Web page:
Things were already tense on the border this summer during the 150-day battle, with North Korean guards showing up in the most likely and unlikely places. The heightening of vigilance now might be ascribed to a renewed zeal by the DPRK regime to show China that it has the refugee problem firmly under control.
This idea is also borne out in a soft yet-clearly targeted KCNA dispatch which was put out during General Liang Guanglie’s recent visit to consolidate the bilateral “unbreakable (or was that unbearable?) friendship” in Pyongyang. Kim Jong Suk, the all-purpose matronly face of the DPRK, accosts a huddle of North Korean children recently returned from Manchuria:
Warm Love Shown for Bereaved Children
Pyongyang, November 25 (KCNA) — Upon receiving the news that bereaved children of revolutionary martyrs arrived in Pyongyang from various places of east Manchuria, China, the anti-Japanese heroine Kim Jong Suk called all of them to her residence on a day of June Juche 37 (1948).
She rushed at a breath to the children entering the front gate and embraced them, saying in an emotion-charged tone: Why are you coming now from where and do you know how much effort General Kim Il Sung has made to find out your whereabouts for nearly three years following the liberation?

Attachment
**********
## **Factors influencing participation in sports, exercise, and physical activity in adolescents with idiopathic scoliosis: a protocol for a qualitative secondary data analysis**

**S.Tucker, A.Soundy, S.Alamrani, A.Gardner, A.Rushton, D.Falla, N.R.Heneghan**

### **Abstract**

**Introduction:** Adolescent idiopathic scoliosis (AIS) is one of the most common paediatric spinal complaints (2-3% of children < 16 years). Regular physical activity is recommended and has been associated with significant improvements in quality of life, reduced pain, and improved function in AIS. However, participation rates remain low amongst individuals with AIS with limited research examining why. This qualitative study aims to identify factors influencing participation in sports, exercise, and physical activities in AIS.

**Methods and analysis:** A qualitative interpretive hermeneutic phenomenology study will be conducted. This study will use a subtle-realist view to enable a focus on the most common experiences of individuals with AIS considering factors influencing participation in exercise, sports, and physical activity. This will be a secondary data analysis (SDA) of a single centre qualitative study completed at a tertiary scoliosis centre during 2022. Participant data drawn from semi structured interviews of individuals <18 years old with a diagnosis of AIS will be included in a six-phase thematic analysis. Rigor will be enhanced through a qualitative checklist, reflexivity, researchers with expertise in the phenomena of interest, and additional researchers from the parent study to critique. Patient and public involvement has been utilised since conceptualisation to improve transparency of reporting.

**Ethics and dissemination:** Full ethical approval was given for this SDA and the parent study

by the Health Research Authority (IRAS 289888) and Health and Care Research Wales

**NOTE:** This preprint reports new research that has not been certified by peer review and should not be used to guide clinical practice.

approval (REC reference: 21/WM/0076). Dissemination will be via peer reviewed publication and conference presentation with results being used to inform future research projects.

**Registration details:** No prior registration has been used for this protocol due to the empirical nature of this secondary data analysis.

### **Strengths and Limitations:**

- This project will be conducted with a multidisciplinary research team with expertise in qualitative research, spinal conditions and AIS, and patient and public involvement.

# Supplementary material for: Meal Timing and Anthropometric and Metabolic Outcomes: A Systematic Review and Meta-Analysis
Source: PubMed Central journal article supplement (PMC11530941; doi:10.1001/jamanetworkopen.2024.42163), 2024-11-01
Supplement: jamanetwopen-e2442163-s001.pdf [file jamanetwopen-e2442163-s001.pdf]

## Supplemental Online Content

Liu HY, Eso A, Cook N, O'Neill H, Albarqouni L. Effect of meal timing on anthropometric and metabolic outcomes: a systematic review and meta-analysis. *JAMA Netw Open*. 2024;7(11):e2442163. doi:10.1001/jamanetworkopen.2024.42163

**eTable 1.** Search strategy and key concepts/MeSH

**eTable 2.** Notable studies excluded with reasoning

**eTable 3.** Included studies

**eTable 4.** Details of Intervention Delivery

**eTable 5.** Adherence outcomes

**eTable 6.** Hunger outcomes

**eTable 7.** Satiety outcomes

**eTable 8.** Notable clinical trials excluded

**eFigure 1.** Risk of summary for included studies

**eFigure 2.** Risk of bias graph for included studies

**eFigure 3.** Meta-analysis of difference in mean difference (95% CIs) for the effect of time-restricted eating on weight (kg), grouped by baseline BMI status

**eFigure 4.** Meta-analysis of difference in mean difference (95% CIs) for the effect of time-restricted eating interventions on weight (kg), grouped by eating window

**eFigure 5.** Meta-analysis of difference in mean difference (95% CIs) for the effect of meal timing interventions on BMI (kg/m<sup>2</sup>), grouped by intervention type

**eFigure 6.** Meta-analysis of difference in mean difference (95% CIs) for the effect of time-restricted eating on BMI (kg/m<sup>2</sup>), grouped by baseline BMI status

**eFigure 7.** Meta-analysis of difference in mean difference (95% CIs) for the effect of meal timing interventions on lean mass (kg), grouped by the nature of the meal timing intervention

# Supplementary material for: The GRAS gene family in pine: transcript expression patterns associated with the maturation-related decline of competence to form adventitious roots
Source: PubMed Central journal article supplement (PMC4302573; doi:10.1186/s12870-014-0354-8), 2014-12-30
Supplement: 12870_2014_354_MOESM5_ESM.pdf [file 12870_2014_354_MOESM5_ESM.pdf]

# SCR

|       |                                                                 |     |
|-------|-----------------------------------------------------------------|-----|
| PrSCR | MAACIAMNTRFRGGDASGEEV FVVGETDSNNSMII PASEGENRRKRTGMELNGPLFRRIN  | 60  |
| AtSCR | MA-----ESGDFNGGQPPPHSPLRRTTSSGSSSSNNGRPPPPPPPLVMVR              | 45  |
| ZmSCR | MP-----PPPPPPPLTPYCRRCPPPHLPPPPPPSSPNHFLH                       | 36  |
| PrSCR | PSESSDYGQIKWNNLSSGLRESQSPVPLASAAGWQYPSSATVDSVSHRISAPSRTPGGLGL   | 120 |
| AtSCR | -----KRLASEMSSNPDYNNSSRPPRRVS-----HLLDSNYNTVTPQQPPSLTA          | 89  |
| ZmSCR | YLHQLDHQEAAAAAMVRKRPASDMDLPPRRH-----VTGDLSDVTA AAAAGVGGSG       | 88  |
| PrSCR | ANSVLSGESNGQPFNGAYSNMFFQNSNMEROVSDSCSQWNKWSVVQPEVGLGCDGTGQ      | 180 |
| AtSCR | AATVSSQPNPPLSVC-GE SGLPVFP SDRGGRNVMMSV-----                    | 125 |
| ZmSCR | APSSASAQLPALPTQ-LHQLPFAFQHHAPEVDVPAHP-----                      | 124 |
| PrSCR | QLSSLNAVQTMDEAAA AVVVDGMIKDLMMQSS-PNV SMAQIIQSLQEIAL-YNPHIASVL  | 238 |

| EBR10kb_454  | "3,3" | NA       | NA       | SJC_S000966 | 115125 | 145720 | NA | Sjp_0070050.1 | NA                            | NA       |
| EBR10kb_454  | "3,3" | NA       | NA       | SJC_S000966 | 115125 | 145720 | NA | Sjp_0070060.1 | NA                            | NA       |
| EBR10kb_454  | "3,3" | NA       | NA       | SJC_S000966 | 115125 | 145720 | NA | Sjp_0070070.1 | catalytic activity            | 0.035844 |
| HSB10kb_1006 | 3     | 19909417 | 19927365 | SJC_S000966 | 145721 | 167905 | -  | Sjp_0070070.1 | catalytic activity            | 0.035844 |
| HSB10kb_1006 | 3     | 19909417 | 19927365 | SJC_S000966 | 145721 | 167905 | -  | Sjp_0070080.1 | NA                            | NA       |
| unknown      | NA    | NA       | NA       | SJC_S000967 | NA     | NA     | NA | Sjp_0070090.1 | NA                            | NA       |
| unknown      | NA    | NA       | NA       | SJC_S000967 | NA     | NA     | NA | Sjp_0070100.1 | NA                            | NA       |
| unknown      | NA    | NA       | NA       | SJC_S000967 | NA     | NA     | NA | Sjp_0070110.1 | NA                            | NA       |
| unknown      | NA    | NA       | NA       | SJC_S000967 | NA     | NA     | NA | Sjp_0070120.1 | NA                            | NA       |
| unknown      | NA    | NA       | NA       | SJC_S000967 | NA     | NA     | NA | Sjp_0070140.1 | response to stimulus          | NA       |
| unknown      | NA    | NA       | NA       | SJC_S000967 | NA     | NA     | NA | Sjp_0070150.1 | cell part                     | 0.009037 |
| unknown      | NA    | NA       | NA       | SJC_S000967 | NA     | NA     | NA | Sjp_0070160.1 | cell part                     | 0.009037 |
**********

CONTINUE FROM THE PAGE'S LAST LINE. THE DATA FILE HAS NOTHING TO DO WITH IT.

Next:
She also asked them in detail how many days were required to come to the motherland, by what they came, whether there were children who felt train-and car-sickness and how many children remained there.
Reading carefully their faces as if she tried to find features of her beloved fallen comrades-in-arms and gave prepared foodstuffs to every child.
Seeing a child who was wearing trousers worn out at the knees, she said that she would patch up the torn trousers. A woman official suggested that she would do it.
Kim Jong Suk said to the following effect: As the comrades-in-arms placed their children under the care of the General, when they were dying on the battlefield, I am their mother now and I must patch it up.
In the post-Kim Il Sung era, it is practically impossible for the DPRK to pose itself as a legitimately and benevolently parental force for starving children. That the regime is able to put out propaganda which simultaneously hearkens back to “the loving care of the fatherly leader” and sends a message to China about crackdowns on cross-border traffic is, I suppose, testimony to Kim Jong Il’s ability to multitask.